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Ophthotech in-licenses pair of aptamers
PRINCETON, N.J.—In a pair of in-licensing deals with Archemix Corp. and OSI Pharmaceuticals, Ophthotech Corp. recently acquired rights to aptamer compounds for the treatment of macular degeneration. Ophthotech is a new company formed by former executive of Eyetech, which OSI Pharmaceuticals acquired in late 2005.
With Archemix Corp.—a well-known aptamer pioneer—the company signed an exclusive, worldwide licensing agreement for all ophthalmic uses of Archemix's proprietary aptamers targeting the C5 component of the complement cascade in both the wet and dry forms of age-related macular degeneration (AMD). Archemix will focus its on-going aptamer program on cardiovascular and hematological diseases and cancer. Terms of the agreements between the two private companies were not disclosed.
"Of principal importance," says Dr. Samir Patel, president and CEO of Ophthotech, "is that these developments indicate that angiogenesis and the dry form of AMD have come a long way over the past five years. We believe the in-licensing strongly addresses dry AMD which is the form that accounts for up to 90 percent of all cases of the disease and for which no major therapy exists today." Dr. Patel notes that the disease affects approximately eight million people in the United States and a like number in Europe.
The second agreement is with OSI Pharmaceuticals which, subsequent to merging with Eyetech, Inc., decided to divest its anti-platelet-derived growth factor (PDGF) aptamer program. At roughly the same time, Dr. Patel and others, who now form the Ophthotech management team, left Eyetech to establish the new company.
Under the terms of the agreement, OSI will transfer to Ophthotech all rights in the PDGF aptamer program, including rights to its preclinical compound E10030, in exchange for an up-front cash payment, an equity interest in Ophthotech and potential future milestones and royalties. Again, terms of the agreement were not disclosed.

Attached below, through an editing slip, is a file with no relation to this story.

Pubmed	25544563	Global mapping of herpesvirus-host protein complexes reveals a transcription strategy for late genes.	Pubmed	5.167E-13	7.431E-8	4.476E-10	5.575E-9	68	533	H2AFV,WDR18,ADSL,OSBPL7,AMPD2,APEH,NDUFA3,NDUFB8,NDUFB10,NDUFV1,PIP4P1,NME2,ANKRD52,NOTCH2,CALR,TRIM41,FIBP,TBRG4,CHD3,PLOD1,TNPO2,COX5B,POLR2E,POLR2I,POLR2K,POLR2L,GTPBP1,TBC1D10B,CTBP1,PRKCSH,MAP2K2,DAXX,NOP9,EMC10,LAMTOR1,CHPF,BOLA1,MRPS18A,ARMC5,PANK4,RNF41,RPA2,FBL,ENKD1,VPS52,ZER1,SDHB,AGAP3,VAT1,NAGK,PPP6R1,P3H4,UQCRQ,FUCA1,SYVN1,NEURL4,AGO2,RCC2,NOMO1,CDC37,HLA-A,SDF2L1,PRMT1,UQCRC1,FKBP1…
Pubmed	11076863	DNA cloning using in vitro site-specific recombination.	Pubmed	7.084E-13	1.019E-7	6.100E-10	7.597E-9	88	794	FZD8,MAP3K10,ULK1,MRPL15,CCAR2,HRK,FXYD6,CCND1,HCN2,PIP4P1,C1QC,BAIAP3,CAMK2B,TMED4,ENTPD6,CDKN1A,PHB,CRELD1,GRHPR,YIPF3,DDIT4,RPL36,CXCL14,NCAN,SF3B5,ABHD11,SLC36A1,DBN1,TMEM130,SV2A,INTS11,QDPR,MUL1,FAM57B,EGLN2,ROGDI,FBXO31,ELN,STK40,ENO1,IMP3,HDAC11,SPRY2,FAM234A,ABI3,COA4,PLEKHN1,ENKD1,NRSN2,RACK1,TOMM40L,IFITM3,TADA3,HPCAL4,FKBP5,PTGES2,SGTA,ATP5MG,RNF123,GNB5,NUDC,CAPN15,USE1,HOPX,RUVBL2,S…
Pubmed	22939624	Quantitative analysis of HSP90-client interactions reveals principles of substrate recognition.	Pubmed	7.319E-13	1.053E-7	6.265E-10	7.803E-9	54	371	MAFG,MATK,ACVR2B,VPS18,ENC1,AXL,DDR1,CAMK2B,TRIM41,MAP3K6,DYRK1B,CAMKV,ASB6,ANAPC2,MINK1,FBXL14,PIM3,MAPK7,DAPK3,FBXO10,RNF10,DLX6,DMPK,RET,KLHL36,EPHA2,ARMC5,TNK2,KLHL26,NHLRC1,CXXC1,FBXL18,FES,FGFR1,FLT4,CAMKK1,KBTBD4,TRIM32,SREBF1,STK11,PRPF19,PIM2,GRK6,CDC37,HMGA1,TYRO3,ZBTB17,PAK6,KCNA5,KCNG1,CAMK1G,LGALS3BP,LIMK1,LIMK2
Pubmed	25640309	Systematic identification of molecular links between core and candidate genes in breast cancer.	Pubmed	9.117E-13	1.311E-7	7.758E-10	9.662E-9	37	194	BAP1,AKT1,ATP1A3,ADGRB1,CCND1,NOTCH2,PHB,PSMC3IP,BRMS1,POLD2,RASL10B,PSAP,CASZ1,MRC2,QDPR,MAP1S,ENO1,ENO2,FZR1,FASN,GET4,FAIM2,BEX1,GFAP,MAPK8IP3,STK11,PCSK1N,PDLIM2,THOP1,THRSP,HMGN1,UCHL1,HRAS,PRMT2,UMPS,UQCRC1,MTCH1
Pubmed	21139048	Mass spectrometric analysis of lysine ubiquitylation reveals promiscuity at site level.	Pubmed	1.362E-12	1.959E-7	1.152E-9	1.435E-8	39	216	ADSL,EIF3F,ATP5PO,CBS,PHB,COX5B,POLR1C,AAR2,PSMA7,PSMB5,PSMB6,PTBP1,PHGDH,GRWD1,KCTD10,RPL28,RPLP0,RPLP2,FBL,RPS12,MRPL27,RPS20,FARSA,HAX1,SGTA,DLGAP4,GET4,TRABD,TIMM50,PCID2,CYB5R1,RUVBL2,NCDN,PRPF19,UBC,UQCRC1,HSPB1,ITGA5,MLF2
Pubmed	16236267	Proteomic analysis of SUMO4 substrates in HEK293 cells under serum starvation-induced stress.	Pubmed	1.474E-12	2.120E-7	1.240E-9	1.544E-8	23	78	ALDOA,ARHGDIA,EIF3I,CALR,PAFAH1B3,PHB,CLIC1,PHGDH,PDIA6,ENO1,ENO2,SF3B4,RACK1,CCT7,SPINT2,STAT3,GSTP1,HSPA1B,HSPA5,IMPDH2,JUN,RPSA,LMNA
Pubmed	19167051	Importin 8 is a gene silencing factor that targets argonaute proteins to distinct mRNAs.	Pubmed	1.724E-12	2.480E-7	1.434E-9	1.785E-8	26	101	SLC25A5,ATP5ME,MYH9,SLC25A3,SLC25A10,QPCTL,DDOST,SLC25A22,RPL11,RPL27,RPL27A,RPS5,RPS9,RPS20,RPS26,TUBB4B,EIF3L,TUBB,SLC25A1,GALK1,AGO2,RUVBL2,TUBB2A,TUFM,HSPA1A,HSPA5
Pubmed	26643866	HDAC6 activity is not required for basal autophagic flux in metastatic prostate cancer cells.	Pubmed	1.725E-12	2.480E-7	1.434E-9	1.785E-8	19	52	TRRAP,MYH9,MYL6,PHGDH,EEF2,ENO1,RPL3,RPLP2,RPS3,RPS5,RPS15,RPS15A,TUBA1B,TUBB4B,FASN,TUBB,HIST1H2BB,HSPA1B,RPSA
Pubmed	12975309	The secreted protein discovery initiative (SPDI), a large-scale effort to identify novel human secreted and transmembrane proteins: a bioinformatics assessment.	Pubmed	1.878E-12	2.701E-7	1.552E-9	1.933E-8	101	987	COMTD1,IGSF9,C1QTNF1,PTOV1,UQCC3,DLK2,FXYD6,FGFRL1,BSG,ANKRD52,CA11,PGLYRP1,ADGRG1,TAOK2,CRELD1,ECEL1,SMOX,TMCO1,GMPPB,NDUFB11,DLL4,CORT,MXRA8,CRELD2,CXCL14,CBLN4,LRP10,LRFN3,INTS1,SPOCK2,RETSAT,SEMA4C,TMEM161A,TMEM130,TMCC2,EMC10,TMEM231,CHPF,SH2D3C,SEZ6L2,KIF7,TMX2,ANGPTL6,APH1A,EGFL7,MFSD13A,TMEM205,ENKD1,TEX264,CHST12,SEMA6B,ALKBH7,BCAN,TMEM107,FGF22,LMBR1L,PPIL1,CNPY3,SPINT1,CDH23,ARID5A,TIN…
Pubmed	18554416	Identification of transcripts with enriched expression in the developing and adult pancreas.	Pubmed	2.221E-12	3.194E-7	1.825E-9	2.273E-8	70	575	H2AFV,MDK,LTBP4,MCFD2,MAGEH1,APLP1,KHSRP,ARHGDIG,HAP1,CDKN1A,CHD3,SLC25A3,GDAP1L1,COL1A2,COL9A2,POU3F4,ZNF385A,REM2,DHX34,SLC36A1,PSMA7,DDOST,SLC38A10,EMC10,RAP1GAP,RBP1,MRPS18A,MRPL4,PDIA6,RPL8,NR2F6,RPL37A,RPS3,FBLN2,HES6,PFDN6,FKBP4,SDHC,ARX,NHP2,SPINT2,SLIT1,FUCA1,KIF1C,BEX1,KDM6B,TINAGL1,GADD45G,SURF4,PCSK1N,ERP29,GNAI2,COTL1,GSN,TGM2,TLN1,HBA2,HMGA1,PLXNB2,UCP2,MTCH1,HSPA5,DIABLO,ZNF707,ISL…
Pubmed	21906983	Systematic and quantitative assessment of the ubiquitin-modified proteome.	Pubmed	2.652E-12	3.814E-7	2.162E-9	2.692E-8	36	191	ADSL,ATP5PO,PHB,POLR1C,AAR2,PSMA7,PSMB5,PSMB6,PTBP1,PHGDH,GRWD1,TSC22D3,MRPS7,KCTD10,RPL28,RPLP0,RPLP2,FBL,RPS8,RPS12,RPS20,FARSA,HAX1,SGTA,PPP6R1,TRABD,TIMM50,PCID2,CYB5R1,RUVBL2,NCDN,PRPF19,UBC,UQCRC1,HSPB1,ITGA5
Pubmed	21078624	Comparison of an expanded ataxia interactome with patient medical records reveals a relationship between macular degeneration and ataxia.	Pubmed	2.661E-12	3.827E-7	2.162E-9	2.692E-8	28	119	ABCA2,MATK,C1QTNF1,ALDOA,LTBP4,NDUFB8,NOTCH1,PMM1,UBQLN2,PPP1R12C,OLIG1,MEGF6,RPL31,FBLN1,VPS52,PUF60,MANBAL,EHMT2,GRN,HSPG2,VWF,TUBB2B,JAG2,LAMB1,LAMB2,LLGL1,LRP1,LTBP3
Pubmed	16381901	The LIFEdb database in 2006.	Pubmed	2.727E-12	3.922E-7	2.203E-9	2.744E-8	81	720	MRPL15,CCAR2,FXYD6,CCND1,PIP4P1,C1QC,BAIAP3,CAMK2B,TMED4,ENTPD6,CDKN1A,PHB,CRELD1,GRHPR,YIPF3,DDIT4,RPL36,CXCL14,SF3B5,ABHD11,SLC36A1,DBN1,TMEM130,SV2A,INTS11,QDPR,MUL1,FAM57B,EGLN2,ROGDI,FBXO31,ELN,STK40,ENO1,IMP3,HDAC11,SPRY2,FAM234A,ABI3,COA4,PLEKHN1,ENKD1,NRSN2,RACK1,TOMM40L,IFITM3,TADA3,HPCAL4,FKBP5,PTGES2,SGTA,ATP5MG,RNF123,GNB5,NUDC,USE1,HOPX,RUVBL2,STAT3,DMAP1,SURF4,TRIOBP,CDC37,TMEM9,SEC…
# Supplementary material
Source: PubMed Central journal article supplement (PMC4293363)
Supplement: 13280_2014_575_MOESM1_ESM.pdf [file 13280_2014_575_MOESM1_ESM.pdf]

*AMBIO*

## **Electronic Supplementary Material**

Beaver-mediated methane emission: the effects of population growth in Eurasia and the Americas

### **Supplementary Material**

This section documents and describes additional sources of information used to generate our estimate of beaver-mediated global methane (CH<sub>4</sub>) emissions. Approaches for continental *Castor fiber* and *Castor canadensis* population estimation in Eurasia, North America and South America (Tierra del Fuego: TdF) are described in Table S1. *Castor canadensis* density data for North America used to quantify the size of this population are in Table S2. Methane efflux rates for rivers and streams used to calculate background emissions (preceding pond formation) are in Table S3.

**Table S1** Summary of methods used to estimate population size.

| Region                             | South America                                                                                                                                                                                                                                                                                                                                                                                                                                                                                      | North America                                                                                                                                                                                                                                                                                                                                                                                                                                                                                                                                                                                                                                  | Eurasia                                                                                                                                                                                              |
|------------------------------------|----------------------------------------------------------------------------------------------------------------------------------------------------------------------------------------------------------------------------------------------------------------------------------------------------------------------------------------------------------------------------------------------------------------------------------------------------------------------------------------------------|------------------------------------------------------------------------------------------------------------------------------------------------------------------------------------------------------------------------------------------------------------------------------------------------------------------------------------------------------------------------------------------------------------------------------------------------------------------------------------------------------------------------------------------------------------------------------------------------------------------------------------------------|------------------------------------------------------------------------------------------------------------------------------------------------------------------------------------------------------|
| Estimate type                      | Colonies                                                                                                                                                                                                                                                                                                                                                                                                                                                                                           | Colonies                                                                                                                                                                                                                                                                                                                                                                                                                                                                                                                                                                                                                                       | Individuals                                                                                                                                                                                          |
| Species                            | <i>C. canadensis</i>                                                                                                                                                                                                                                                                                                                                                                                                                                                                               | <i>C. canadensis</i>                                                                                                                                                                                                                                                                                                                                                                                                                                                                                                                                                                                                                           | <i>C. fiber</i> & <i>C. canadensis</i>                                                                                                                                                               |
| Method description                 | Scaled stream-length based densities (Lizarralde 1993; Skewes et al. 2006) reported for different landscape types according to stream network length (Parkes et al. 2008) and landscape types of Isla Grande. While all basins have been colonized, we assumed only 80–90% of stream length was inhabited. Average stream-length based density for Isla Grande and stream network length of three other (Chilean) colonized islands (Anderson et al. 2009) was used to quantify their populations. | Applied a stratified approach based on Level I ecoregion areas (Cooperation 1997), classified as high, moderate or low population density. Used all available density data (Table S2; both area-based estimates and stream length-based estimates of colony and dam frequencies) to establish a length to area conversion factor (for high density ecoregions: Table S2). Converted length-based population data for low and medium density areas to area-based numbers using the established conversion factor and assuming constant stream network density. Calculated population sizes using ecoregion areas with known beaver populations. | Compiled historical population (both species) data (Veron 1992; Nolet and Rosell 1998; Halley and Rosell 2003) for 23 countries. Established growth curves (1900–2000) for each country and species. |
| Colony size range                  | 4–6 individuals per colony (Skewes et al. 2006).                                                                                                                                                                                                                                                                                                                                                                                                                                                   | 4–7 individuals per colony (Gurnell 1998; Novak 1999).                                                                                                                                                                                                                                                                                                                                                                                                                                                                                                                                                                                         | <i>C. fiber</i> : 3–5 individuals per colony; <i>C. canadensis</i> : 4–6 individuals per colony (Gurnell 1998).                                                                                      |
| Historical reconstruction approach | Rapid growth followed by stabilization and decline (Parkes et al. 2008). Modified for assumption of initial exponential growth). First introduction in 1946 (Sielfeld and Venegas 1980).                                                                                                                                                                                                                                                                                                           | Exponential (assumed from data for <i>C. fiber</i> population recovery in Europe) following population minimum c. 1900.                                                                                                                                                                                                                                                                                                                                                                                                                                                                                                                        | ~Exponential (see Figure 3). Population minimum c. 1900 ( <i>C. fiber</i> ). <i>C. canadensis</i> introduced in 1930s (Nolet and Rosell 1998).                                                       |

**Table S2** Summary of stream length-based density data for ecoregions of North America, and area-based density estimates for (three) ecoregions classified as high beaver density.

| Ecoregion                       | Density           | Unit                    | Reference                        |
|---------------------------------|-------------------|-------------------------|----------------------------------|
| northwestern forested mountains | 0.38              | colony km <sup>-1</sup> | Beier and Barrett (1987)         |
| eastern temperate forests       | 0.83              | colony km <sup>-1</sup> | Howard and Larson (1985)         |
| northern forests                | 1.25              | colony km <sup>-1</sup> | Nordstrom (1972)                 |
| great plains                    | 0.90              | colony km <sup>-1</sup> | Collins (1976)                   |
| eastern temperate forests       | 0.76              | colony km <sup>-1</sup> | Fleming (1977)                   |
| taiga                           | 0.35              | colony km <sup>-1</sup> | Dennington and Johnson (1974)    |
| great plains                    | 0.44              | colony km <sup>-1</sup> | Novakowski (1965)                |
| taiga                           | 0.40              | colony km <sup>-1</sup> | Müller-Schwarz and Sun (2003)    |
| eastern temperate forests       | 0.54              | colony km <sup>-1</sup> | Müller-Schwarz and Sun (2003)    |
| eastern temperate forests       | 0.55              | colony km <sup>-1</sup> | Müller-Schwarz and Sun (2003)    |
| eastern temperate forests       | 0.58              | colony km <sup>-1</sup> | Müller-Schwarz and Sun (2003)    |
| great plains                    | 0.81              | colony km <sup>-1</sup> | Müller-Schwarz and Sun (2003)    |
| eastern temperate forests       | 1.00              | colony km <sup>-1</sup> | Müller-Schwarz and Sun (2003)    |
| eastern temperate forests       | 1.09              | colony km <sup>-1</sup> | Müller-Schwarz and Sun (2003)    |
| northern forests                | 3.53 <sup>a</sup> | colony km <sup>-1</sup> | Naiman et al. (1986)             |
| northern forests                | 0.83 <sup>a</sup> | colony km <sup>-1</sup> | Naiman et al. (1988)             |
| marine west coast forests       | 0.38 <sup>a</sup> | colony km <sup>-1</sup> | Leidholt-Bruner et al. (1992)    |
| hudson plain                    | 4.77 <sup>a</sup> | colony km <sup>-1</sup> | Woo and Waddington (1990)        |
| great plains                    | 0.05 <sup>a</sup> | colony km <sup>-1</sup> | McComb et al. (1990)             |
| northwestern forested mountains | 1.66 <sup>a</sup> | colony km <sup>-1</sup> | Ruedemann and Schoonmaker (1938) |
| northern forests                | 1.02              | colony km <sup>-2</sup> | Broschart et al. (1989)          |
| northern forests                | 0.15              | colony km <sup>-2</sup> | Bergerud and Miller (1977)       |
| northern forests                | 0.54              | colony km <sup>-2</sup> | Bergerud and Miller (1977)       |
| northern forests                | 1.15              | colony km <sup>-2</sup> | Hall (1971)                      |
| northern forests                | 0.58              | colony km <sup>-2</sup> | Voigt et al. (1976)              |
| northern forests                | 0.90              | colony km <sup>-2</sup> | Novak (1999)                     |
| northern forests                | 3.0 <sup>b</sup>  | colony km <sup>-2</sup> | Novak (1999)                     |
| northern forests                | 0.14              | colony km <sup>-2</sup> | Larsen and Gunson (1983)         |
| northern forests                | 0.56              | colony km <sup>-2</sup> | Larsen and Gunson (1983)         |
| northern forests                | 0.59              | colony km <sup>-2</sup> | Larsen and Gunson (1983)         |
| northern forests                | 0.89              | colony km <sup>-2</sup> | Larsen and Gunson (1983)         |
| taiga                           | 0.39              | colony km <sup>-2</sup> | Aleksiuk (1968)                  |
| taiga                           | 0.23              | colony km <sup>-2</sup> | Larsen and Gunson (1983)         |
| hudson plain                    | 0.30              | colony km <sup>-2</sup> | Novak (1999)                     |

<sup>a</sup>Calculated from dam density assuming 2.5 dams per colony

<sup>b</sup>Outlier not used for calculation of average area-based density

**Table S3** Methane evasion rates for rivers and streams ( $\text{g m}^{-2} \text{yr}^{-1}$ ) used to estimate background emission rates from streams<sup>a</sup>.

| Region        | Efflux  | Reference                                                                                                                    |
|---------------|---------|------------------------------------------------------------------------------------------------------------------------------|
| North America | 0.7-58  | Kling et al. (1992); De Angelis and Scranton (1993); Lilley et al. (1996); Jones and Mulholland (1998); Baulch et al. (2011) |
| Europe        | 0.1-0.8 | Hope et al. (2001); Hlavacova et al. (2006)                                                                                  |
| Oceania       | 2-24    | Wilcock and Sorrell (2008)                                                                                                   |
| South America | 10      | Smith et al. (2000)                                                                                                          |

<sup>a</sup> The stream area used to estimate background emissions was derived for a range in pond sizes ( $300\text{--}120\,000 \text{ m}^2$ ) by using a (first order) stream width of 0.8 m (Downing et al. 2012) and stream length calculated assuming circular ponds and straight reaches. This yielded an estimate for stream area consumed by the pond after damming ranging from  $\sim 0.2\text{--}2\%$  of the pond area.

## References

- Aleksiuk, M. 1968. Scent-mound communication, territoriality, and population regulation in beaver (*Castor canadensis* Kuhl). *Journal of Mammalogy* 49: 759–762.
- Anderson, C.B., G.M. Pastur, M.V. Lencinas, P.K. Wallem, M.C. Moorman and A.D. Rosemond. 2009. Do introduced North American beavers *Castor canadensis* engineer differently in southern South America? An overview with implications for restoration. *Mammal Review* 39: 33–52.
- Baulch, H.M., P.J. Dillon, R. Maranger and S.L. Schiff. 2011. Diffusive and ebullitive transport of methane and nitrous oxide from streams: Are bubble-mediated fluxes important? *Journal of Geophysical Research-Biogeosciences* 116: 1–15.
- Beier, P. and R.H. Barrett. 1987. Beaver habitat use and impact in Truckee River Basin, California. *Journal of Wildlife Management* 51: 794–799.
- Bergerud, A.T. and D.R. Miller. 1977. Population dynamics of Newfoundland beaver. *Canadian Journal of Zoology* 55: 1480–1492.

In preclinical studies, E10030 has shown the potential to regress neovascularization when used in combination with a vascular endothelial growth factor (VEGF) inhibitor. Anti-VEGF agents alone have shown the ability to slow or halt, but not to regress the damage done by AMD. "We are excited to develop this Phase-I-ready anti-PDGF aptamer for AMD," Dr. Patel says. "Studies suggest that this compound, in combination with anti-VEGF agents, may cause regression of abnormal blood vessels in AMD. This is not observed with anti-VEGF therapy alone."
Dr. Patel adds, "As we know, based on improved understanding of the disease process, inflammation plays an important role in AMD as well as in coronary heart disease and elsewhere. In wet AMD, for example, histological examination reveals tissue packed with inflammation cells. In addition, wet AMD patients have inflammation biomarkers suggesting a complement-mediated mechanism. "We believe that the anti-C5 aptamer blockade represents a potential breakthrough therapy for dry and wet AMD."
With the $36 million of financing raised in the initial round of funding, Ophthotech expects to have sufficient resources to execute its strategy. Participants in the private round include SV Life Sciences, HBM BioVentures and Novo A/S.
Former members of the Eyetech management team who have joined Dr. Patel are Henry Simon (now with lead investor SV Life Sciences and former Chairman of the Board of Eyetech), and Dr. David R. Guyer, (former CEO and co-founder of Eyetech, who will also serve as Ophthotech's Chairman of the Board).